The Hook and Loop Hold Down and Release Mechanism was used during the launch of CBNT-2, Earth-i’s pre-production prototype satellite of its upcoming satellite constellation.
The new commercial constellation – called Vivid-i – will be the first of its kind to provide full-colour video; and the first European-owned constellation able to provide both video and still images.
The multiple satellites within the Vivid-i Constellation will significantly increase the ability of companies and institutions to monitor, track and analyse activities, patterns of life and changes at any location on earth.
The Hook and Loop Hold Down and Release Mechanism was funded by the UK Space Agency’s National Space Technology Programme with a £35,000 grant and developed by Surrey Satellite Technology Ltd. It is a new type of release mechanism which uses the dual lock type of Velcro to hold down and release the solar panels of the satellite.
Dr Graham Turnock, Chief Executive of the UK Space Agency, said:
“Today’s launch is a significant moment for the UK and global space industries with Earth-i’s progress being tracked across the world. Earth-i is an exciting and innovative British company and is a fine example of our thriving space sector.
“The Government’s recently published Industrial Strategy set out a clear vision for the UK to become the world’s most innovative nation and we are working with industry to capture 10% of the global space market by 2030.”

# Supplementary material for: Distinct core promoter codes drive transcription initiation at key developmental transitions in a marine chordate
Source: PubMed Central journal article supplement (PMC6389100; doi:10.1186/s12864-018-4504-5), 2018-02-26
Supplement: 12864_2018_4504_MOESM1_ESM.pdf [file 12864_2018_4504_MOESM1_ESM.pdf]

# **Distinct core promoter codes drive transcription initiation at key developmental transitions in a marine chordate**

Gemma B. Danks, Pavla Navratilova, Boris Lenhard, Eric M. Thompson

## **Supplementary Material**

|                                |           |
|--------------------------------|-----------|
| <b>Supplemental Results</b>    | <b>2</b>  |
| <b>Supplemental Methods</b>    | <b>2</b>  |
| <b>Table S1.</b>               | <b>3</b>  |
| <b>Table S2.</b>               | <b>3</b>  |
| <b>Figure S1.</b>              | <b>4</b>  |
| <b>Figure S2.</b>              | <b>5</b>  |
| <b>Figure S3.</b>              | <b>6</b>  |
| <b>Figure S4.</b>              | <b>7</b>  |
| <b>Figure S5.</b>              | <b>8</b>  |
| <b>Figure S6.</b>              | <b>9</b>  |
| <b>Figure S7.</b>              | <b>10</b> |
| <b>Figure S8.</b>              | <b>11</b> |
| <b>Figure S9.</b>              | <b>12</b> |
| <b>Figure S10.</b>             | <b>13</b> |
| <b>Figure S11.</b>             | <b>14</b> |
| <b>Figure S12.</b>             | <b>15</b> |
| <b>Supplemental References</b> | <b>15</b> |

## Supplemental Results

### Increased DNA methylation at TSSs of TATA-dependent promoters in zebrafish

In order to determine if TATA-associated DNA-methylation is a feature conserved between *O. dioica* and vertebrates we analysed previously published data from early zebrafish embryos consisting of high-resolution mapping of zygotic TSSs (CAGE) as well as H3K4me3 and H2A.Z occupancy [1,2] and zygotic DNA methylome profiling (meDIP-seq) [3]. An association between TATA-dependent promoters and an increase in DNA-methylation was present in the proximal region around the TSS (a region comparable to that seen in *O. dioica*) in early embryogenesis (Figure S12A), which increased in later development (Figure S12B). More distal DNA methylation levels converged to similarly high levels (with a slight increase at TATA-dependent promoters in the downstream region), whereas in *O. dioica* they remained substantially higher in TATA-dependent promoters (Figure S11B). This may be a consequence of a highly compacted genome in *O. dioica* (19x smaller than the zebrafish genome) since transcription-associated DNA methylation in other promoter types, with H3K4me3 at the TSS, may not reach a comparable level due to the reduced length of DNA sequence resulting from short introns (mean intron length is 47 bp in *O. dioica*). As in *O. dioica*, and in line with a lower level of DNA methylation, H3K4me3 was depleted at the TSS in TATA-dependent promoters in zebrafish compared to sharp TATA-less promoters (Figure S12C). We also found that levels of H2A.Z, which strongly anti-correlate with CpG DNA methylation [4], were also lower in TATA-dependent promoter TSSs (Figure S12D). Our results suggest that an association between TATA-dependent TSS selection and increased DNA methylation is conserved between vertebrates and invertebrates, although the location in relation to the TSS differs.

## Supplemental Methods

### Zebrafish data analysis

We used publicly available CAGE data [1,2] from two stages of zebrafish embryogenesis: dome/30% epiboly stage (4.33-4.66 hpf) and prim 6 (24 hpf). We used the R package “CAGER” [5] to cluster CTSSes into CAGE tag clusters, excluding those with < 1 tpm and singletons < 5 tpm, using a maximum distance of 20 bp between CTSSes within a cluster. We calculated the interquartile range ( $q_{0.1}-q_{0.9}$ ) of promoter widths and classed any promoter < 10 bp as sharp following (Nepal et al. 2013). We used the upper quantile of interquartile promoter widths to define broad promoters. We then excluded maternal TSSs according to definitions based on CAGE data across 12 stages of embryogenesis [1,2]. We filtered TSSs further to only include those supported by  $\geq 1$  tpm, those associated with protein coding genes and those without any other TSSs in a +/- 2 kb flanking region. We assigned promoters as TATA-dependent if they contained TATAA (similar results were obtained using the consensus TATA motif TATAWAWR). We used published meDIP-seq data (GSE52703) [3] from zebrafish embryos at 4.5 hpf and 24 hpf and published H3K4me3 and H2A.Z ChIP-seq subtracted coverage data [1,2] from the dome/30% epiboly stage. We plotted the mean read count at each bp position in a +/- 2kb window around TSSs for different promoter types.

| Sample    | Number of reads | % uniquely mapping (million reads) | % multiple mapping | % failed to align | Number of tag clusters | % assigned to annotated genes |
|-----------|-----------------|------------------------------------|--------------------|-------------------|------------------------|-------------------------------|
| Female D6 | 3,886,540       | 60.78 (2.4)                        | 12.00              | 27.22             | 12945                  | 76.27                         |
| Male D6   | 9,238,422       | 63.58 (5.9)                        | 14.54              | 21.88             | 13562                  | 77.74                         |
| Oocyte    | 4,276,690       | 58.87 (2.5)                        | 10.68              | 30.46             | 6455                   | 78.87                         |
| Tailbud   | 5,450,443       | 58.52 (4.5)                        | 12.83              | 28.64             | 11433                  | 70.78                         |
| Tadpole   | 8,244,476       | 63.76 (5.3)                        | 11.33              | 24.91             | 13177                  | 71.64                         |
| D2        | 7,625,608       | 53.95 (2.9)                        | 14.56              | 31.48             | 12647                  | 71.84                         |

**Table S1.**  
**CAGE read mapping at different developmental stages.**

The prototype satellite, designated CBNT-2 by manufacturer Surrey Satellite Technology Limited (SSTL), was launched on the Polar Satellite Launch Vehicle from the Sriharikota rocket launch centre operated by the Indian Space Research Organisation, located in South East India, at 3.58am GMT.
CBNT-2 is a technology demonstration mission, operated by SSTL, and will be referred to as VividX2 by the Earth-i team.
It will demonstrate and prove technology and processes for Earth-i’s forthcoming constellation including tasking, data downlinks to ground stations, image quality and the complex motion control systems that enable the spacecraft to capture video from space.
At the heart of the new satellite is an Ultra High Definition (UHD) camera which will capture high-resolution images for any location on Earth – and film up to two minutes at a time of video which can show moving objects such as vehicles, vessels and aircraft.
Find out more about the UK Space Agency’s National Space Technology Programme.